Capella Holding, Inc. v. Anderson, C.A. No. 9809-VCN (Del. Ch. July 8, 2015), is a Delaware Court of Chancery decision that addresses recurring corporate litigation issues that make it a useful addition to the litigator’s toolbox (even as a duplicate), for the businesslike manner in which it treats the perennial fact pattern of a co-founder and former officer/director who was both unceremoniously ousted from the company he brought into the world, and as a parting insult, they diluted his ownership interest. His claims were presented as counterclaims.
- The only counterclaim that survived the motion to dismiss was whether an executive compensation agreement was breached, to the extent he was not given severance payments based on the company’s argument that he was fired for cause. His agreement (and his fiduciary duties while he was a director) prevented him from disclosing confidential information which he did in a lawsuit filed in Tennessee. The court doubted the strength of the claim but allowed it to survive a motion to dismiss in order to provide an opportunity for discovery on the factual issues.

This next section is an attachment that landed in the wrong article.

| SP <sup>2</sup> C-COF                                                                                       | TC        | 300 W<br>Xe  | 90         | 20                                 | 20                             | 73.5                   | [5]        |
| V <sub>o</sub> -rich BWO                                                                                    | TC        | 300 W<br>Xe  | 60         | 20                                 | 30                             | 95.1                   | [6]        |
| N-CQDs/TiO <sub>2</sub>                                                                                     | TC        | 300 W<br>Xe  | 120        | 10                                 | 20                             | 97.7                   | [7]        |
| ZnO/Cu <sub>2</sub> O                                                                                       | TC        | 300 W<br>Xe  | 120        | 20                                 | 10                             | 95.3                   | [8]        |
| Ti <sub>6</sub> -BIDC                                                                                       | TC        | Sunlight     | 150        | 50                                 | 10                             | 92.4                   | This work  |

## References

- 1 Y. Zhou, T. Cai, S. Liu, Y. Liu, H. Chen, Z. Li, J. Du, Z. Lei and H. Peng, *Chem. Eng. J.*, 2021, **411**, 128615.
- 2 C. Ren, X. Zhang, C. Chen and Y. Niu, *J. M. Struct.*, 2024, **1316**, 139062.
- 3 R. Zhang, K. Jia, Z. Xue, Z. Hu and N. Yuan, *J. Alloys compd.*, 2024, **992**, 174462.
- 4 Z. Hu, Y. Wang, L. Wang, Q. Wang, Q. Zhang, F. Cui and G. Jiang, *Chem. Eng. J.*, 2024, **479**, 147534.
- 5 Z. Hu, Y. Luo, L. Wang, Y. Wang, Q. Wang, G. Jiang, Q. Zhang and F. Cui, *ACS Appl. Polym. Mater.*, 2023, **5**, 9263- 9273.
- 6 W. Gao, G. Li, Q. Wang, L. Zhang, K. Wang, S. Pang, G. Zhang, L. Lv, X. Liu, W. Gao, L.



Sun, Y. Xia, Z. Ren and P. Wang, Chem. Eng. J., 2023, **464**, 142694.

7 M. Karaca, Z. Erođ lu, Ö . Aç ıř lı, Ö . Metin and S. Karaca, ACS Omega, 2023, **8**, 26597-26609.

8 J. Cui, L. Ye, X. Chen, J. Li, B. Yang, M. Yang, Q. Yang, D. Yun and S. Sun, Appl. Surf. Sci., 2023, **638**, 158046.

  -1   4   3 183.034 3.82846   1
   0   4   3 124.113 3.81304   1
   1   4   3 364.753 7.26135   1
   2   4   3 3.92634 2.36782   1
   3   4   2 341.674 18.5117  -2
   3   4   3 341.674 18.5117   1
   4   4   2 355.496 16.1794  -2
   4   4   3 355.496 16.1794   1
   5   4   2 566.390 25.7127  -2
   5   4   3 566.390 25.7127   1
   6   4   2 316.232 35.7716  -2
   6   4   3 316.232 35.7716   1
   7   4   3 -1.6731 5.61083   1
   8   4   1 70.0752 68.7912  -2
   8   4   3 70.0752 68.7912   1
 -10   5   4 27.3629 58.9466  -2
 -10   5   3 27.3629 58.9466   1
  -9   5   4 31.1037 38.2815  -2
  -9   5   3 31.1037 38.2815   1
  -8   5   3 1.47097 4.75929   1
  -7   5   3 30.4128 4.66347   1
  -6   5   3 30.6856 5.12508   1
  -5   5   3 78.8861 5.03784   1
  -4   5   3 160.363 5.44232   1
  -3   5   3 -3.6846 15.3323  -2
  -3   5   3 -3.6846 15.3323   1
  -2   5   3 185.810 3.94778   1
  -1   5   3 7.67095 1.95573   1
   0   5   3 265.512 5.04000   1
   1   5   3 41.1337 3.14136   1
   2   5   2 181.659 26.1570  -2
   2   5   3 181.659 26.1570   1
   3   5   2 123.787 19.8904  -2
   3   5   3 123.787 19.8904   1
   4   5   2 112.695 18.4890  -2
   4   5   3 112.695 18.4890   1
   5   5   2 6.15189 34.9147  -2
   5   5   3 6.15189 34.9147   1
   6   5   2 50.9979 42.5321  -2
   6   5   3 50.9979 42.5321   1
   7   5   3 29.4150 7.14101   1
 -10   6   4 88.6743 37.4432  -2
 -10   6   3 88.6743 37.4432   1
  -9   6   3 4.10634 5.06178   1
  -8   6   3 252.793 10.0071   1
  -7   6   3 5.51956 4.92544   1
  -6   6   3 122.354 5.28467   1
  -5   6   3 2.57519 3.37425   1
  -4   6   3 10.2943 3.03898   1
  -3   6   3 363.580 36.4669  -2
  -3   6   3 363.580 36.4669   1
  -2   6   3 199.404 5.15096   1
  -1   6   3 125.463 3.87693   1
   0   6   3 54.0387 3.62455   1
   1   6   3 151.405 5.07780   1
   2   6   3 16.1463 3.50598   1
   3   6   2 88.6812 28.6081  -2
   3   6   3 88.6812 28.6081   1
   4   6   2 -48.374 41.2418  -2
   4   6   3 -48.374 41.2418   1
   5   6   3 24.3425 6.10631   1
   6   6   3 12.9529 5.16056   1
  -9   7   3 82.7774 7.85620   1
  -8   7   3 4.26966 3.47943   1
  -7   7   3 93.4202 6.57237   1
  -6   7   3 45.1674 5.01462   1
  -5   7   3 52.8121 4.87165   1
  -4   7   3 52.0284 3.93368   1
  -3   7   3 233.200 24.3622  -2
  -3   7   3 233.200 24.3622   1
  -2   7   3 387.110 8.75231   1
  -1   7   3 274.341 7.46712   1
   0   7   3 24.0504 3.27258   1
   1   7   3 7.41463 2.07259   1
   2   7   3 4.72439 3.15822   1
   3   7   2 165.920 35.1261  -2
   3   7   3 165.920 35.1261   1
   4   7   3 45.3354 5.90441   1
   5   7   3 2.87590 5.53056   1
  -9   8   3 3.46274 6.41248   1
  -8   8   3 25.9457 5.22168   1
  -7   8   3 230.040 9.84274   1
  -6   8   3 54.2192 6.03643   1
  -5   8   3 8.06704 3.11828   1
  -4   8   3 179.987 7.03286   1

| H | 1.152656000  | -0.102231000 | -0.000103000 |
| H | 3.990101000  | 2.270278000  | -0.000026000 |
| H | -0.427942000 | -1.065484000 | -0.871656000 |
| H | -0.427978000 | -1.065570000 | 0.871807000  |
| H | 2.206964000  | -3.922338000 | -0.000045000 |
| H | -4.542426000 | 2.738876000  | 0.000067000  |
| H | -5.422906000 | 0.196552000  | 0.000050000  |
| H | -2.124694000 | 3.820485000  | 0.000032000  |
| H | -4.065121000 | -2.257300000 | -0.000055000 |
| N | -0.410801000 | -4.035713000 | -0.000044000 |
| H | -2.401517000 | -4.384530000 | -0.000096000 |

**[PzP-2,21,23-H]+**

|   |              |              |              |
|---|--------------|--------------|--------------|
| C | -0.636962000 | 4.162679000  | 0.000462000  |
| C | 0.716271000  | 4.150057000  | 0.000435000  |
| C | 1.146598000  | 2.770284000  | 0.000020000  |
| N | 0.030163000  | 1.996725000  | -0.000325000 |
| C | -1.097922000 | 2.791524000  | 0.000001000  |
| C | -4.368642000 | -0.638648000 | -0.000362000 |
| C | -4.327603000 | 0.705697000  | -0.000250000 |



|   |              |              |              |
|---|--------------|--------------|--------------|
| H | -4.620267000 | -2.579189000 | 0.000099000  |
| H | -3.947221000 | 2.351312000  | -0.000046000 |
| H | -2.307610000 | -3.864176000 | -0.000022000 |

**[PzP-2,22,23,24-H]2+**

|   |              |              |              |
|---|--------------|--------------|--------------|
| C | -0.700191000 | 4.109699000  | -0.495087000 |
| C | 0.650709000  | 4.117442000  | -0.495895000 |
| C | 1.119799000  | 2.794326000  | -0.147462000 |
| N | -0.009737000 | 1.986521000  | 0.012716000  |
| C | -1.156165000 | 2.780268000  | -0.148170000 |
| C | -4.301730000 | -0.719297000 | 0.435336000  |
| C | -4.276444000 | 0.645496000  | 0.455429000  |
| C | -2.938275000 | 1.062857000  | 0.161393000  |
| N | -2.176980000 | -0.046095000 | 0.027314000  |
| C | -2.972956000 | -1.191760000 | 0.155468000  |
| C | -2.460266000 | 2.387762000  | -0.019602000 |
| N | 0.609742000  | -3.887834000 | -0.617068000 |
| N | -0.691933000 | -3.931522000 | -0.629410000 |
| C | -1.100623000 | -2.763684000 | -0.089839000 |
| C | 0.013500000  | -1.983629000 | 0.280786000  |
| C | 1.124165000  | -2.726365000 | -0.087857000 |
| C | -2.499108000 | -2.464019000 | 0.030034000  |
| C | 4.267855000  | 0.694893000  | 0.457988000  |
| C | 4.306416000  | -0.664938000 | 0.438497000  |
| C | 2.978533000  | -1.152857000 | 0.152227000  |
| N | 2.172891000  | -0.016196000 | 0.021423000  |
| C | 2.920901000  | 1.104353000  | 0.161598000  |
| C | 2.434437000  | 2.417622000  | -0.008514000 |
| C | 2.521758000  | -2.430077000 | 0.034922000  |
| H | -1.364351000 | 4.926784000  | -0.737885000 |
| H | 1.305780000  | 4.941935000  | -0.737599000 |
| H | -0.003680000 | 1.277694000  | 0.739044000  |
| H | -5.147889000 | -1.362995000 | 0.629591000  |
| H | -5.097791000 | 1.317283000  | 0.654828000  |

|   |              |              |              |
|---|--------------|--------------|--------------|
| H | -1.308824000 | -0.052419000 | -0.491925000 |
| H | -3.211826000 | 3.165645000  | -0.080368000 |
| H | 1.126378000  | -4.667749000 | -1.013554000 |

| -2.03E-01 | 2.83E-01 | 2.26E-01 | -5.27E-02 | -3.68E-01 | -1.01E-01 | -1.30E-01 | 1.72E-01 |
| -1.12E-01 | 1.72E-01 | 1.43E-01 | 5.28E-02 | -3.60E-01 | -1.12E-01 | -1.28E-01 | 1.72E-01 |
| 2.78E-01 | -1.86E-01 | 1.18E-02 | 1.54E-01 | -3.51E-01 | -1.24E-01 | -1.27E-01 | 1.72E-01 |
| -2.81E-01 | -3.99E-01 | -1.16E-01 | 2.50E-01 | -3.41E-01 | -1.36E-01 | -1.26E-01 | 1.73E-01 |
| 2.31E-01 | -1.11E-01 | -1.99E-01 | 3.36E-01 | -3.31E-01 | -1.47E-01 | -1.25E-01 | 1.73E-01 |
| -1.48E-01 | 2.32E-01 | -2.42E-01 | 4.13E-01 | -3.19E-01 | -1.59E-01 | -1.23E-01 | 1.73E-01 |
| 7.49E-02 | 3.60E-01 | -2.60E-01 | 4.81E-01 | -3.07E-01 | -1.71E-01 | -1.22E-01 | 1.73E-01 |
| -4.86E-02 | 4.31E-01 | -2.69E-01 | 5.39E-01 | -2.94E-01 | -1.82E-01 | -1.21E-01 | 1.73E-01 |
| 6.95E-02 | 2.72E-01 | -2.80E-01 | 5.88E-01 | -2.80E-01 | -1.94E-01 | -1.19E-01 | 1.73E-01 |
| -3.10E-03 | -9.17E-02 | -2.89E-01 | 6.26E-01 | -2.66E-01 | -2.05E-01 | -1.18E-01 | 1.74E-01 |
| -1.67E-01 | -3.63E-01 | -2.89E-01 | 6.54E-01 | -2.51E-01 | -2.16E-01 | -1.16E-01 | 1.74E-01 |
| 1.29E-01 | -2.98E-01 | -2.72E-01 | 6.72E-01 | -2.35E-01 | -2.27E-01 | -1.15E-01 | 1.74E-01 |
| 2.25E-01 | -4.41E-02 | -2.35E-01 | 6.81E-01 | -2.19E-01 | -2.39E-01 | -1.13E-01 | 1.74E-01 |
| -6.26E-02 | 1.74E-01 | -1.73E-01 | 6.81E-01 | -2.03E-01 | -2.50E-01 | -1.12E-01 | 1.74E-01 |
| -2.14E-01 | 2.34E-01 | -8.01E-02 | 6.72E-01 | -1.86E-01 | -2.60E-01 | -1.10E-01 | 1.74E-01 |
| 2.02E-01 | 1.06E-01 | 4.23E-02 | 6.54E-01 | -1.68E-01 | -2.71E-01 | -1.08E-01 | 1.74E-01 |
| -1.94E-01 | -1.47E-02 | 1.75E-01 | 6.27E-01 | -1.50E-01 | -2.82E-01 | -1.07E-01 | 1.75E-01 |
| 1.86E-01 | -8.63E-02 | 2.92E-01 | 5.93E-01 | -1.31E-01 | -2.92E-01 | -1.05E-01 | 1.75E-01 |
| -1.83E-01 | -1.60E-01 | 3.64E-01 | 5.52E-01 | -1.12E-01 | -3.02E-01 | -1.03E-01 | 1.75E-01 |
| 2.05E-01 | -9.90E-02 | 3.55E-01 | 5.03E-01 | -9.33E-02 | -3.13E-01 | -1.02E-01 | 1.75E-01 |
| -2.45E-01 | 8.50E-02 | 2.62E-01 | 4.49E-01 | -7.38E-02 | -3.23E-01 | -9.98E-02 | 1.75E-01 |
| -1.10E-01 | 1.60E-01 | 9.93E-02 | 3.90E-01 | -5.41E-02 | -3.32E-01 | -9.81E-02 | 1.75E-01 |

- The court treated the dilution claims as direct, instead of derivative, by reading the claims to allege the dilution of voting rights by a controller.
- The court reasoned that there were insufficient well-pleaded allegations that the price at which the challenged recapitalization took place was unfair, and the court concluded that even if the entire fairness standard applied to the challenge, the allegations of unfairness did not suffice to survive a motion to dismiss.
- The court’s summary of the claims against the directors and the applicable pleading standard are worth quoting:
A classic duty of loyalty claim involves self-interested conduct, and a good faith claim (also under the loyalty umbrella) arises “where corporate directors have no conflicting self-interest in a decision, yet engage in misconduct that is more culpable than simple inattention or failure to be informed.” As a general matter, directors are presumed to make business decisions “on an informed basis, in good faith and in the honest belief that the action taken [i]s in the best interests of the company.” Even when entire fairness scrutiny would otherwise seem to apply, a plaintiff must first “make factual allegations in its complaint that, if proved, would establish that the challenged transactions are not entirely fair” to state a claim. (footnotes omitted.)
Regarding whether the consideration of documents outside the pleadings converted the motion to dismiss counterclaims into a motion for summary judgment, the issue was avoided because: Delaware Rule of Evidence Rule 201(b) allows the Court to take judicial notice of facts that are “‘capable of accurate and ready determination by resort to sources whose accuracy cannot reasonably be questioned.’”